'Southeast Uplift' celebrates 50 years of neighborhood service
Although many Inner Southeast Portland neighbors have lately been expressing concern about the future of Portland's neighborhood associations and coalitions, there was festive mood at the Southeast Uplift neighborhood coalition office on S.E. Main Street on Thursay afternoon, August 23, where its 50th anniversary celebration was underway.All Portland's 95 neighborhood associations are assisted and supported by these nonprofit city-funded "coalitions", of which Southeast Uplift is just one.
"We're celebrating our organization's past, as well as looking forward to its future," remarked the coalition's Executive Director Molly Mayo with a smile. "It is so inspiring to work with the many people volunteering in the twenty Southeast neighborhoods we serve; making valiant attempts to network community groups together!"
During the coming years, Mayo reflected, "I look forward to seeing neighborhoods improving a 'sense of community', and working together for community events, emergency preparedness, and community initiatives – coming together even more, as neighbors, than they have in the past."
Musicians were on hand to enliven the party; a chef at the barbecue cooked for guests; and volunteers from many of the neighborhoods served by Southeast Uplift met and networked.
"Southeast Uplift is important to our neighborhood, because it provides a lot of resources, and is the central place for all Southeast neighborhood associations to get information and resources. We're thankful for the consistency and clarity they provide our board," assured current Woodstock Neighborhood Association Chair Sage Jensen.
Although Chloe Eudaly, the current Portland City Commissioner in charge of the "Office of Community & Civic Life" – until a recent City Council "emergency" name change, known as the "Office of Neighborhood Involvement", the Bureau that oversees Southeast Uplift – was notably absent, other city officials came to celebrate.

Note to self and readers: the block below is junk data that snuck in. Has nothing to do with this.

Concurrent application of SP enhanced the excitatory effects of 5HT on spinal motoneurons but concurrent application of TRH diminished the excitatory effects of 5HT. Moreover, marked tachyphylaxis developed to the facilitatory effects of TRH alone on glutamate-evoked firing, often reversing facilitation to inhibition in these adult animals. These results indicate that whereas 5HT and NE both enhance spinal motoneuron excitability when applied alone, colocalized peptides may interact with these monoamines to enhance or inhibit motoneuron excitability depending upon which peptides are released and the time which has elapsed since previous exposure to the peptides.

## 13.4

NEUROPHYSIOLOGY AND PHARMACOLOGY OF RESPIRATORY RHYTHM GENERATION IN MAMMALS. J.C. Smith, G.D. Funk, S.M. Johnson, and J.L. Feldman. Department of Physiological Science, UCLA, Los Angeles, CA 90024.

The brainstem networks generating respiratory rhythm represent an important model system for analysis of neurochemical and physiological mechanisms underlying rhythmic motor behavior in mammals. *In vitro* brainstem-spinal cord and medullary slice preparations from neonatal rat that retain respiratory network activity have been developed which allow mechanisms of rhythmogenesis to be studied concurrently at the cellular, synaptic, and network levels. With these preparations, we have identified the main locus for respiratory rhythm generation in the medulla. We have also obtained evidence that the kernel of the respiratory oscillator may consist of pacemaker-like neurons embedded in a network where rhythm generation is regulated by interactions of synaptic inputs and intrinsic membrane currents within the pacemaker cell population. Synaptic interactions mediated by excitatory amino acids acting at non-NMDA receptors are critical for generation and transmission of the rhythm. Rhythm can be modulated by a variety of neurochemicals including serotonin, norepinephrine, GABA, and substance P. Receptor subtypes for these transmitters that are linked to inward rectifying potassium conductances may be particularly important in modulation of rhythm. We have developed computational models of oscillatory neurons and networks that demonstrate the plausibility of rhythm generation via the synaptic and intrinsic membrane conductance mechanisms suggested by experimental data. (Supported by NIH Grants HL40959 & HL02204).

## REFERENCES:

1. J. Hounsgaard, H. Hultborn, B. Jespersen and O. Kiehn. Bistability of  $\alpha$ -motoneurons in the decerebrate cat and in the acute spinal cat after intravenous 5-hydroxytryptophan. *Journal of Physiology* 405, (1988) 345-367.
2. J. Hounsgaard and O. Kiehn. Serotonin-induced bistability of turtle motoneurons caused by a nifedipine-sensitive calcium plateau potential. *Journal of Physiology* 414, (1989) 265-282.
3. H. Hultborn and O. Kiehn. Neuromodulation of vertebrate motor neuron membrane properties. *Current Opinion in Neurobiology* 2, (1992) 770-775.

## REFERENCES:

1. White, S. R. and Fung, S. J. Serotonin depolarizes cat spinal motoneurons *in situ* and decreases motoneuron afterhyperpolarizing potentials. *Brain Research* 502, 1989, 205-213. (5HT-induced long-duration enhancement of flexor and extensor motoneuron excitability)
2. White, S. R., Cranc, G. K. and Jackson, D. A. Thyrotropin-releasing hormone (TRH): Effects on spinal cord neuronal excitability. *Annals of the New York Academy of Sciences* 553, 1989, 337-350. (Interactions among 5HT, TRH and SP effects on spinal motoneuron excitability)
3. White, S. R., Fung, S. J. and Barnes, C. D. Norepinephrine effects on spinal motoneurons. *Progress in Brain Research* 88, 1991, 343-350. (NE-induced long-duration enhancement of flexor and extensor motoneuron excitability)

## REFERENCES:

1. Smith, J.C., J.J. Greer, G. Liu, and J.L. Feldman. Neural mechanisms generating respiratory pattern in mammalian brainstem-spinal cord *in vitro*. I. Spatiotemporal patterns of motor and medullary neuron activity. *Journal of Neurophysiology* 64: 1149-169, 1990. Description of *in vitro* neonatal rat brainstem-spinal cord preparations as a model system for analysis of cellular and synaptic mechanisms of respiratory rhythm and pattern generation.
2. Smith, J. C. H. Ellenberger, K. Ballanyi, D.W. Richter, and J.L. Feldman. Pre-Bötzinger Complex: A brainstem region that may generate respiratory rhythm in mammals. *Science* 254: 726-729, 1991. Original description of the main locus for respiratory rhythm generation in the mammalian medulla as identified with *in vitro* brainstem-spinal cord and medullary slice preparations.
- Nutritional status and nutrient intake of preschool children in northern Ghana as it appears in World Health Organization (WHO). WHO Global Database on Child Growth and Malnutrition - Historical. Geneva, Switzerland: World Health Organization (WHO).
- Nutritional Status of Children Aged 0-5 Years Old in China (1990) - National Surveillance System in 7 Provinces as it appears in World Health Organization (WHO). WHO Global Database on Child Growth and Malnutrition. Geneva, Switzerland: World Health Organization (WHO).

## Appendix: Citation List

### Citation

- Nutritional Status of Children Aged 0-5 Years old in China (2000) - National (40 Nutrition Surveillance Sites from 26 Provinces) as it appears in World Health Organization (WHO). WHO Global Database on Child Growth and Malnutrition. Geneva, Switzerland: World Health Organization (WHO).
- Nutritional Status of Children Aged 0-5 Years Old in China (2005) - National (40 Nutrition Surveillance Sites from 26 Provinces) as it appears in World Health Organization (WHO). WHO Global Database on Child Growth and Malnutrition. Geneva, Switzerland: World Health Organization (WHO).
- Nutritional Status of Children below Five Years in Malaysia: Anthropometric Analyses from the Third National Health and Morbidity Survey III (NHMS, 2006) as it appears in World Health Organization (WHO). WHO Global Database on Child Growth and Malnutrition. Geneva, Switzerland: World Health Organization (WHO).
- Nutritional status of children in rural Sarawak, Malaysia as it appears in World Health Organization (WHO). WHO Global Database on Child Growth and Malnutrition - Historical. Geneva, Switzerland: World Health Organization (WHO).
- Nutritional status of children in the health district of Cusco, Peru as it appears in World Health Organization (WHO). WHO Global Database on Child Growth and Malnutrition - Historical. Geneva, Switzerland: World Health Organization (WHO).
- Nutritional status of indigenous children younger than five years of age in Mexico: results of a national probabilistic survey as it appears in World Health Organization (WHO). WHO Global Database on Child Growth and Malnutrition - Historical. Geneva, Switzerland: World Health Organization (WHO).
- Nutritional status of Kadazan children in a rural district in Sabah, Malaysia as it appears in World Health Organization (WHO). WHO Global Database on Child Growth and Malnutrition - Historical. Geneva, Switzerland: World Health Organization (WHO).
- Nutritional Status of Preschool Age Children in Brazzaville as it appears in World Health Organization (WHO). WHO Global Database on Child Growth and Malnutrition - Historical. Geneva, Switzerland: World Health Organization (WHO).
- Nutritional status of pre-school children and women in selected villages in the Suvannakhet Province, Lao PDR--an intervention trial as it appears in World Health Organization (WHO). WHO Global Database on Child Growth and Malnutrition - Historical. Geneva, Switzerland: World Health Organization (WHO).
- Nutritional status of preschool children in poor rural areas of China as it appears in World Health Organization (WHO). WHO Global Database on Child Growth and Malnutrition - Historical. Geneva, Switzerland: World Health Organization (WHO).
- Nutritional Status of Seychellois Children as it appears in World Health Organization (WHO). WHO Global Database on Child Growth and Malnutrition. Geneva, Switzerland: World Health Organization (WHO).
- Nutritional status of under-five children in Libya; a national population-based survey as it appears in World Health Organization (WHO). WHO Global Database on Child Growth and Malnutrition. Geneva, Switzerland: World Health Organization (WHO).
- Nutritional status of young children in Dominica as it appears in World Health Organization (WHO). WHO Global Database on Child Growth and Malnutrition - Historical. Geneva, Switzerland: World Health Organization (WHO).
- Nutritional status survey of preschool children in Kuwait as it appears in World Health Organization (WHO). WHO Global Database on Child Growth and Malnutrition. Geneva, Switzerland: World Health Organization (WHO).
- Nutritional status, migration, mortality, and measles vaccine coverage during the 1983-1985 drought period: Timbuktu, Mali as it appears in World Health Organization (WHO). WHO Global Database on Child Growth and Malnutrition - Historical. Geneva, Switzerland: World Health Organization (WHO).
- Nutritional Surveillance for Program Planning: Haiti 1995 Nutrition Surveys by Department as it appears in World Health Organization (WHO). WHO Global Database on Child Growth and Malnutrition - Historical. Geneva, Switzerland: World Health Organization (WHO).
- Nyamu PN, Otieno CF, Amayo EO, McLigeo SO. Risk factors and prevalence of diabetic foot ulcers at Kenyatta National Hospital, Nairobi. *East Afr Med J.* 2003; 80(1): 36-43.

The Bureau's former Commissioner, Amanda Fritz, stopped by to lend her good wishes, and spoke pointedly about the value she sees in neighborhood associations.
"As they celebrate their 50th anniversary, I think it's wonderful, and also amazing, that some of the volunteers who started it are still active and are with us today," Fritz observed. "Neighborhoods are place-based; there is a substantial need for a place-based system."We want people of all different backgrounds, cultures, ages, and races to be living together in our neighborhoods – getting to know each other, and looking after each other."
About providing financial and logistical to coalitions and neighborhood associations, Fritz stated, "I think this is essential, absolutely essential. If we don't create neighborhoods where people know the people who live around us, we risk losing what we've have had for so long: The feeling of many villages together, instead of being a massive city.
"I want places and structures for neighborhoods to organize together, to advocate for what they want – not for what the city or other governmental bodies want, but for what they see is best for their neighborhood!"